Andrews dreams of spring while haunted by the nightmare of autumn

Victoria’s COVID-19 drama played out on two separate stages this week with two markedly different narratives. On one stage, in his Spring Street media room, Premier Daniel Andrews painted a picture as sunny as the warming weather outside.

"It's about positivity, it's about optimism, it's about rebuilding," he said, grinning, on Wednesday.

Daniel Andrews had good news on Wednesday.Credit:Getty Images

Regional areas of the state had just opened up and before us lay the prospect of eating outside once again on specially designed city streets, drinking with friends, enjoying a post-COVID spring. The price was just a little more deprivation for a little longer.

On another stage across town, the hotel quarantine inquiry was painting a darker picture as Emergency Management Commissioner Andrew Crisp, Chief Health Officer Brett Sutton and former and current police chief commissioners Graham Ashton and Shane Patton were dragged in forensic detail through the decisions they'd made in the autumn.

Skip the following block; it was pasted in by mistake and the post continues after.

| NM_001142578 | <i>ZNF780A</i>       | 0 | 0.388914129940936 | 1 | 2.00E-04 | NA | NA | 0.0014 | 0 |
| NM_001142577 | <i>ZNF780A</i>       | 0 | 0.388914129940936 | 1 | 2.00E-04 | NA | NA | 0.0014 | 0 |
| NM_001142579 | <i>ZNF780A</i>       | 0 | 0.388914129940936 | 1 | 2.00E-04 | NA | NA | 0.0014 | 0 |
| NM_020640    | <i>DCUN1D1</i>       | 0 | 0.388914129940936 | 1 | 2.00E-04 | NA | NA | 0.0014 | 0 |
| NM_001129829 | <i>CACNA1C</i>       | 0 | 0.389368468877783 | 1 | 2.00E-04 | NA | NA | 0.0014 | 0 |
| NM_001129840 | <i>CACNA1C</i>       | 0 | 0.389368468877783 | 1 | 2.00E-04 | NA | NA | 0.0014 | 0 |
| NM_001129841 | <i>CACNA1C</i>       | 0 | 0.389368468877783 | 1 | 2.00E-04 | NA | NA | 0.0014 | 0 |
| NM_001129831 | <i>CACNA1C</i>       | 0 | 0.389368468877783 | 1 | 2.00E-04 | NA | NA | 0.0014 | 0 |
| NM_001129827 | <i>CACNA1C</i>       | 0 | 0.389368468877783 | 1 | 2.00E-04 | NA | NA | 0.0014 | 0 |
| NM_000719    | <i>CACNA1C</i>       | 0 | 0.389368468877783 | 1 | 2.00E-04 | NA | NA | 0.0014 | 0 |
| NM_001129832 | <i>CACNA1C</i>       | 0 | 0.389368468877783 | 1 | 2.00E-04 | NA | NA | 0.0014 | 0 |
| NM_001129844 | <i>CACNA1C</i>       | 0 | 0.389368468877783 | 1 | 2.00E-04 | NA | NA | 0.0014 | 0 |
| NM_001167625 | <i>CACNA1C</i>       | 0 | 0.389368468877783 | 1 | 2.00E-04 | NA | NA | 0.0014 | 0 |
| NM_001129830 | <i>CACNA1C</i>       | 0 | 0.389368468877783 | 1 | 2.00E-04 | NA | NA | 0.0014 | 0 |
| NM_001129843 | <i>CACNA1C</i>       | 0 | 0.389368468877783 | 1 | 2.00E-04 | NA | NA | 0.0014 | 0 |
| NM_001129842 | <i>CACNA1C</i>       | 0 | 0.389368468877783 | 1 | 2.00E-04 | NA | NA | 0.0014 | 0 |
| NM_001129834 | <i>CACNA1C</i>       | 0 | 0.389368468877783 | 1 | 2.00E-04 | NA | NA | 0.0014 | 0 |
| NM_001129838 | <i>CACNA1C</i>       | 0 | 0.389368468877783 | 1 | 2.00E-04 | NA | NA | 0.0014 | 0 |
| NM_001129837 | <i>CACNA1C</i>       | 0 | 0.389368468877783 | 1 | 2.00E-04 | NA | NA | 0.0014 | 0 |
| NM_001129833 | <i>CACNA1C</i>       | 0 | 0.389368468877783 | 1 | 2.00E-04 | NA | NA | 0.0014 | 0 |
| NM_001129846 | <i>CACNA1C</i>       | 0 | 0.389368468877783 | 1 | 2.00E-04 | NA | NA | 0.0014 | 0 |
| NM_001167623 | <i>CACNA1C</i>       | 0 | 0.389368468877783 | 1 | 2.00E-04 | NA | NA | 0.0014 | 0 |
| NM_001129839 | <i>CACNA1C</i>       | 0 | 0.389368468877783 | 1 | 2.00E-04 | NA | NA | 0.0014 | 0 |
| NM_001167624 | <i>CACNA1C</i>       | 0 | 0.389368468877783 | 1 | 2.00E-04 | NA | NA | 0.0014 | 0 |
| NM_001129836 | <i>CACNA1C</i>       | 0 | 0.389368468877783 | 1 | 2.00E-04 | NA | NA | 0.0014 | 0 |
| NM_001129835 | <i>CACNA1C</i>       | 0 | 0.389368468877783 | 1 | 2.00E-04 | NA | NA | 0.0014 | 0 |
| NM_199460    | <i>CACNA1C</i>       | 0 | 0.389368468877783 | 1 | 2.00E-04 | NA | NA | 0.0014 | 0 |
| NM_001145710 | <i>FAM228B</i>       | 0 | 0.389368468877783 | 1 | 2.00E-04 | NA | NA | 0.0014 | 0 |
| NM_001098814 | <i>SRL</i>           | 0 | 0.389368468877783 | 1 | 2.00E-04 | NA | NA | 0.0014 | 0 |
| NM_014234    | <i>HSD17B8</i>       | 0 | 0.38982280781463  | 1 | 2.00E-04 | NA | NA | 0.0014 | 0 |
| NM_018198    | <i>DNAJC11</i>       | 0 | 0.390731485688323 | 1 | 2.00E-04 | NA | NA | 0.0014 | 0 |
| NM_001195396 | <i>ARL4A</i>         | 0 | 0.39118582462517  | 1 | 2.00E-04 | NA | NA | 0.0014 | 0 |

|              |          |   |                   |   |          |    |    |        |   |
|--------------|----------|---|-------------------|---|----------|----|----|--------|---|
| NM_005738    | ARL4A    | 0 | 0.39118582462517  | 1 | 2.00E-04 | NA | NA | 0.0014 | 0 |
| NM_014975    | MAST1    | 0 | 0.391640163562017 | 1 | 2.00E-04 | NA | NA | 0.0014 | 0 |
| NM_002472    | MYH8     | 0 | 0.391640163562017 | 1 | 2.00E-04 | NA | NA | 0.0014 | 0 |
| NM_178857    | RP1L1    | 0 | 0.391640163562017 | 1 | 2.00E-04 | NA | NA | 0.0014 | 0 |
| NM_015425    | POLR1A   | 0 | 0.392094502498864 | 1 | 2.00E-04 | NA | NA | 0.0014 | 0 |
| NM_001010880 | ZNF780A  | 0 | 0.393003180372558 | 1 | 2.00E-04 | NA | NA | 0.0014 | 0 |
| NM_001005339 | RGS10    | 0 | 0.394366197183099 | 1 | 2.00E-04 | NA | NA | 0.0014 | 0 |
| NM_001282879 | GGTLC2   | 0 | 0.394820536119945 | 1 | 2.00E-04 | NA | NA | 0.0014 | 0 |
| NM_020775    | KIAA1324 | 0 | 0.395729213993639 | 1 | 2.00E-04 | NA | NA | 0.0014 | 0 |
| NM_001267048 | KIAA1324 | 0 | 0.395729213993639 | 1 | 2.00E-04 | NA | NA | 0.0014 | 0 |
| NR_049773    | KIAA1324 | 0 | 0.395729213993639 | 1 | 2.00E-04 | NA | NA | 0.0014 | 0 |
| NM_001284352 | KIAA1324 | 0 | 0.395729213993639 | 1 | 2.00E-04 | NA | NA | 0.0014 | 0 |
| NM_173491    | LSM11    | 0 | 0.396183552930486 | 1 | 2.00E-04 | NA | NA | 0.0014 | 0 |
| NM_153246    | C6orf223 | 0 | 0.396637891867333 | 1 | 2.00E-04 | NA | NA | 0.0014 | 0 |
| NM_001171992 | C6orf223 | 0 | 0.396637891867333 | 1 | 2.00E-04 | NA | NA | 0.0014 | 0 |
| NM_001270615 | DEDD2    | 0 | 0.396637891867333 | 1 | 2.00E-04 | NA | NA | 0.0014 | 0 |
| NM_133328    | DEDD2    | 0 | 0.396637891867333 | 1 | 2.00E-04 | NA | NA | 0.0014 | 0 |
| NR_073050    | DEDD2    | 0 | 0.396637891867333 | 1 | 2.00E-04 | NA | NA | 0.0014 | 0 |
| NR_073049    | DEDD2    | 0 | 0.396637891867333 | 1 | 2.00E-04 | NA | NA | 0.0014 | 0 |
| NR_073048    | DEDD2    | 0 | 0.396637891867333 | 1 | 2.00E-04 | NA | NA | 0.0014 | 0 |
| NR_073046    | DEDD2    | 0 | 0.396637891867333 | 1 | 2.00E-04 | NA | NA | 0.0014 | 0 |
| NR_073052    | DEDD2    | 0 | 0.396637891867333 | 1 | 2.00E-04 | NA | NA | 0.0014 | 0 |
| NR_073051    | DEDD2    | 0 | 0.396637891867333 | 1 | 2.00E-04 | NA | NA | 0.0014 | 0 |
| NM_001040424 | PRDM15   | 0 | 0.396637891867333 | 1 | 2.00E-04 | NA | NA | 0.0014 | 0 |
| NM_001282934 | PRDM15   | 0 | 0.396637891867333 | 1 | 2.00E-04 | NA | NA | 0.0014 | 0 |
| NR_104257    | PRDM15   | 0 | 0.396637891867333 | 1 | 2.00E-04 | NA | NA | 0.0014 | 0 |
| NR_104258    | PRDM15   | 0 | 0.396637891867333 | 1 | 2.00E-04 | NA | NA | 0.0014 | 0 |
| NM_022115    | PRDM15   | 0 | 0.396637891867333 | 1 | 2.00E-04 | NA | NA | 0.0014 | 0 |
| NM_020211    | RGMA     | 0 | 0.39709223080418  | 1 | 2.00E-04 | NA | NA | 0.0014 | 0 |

Email after meeting note after text message were pored over, revealing how hastily the hotel quarantine system had been cobbled together as the days shortened in late March.

Next week, the two narratives collide with Mr Andrews scheduled to swap stages, swear an oath, and answer questions before the inquiry.

Laying bare the mess

In his marathon stint of press conferences, the Premier has sought to project control, courage and a sometimes belligerent competence. A new nickname for Mr Andrews, “Steely Dan”, has started doing the rounds among his fans on social media.

A recent poll by Victorian company RedBridge, run by former Labor Party assistant secretary Kosmos Samaras, suggests it's working.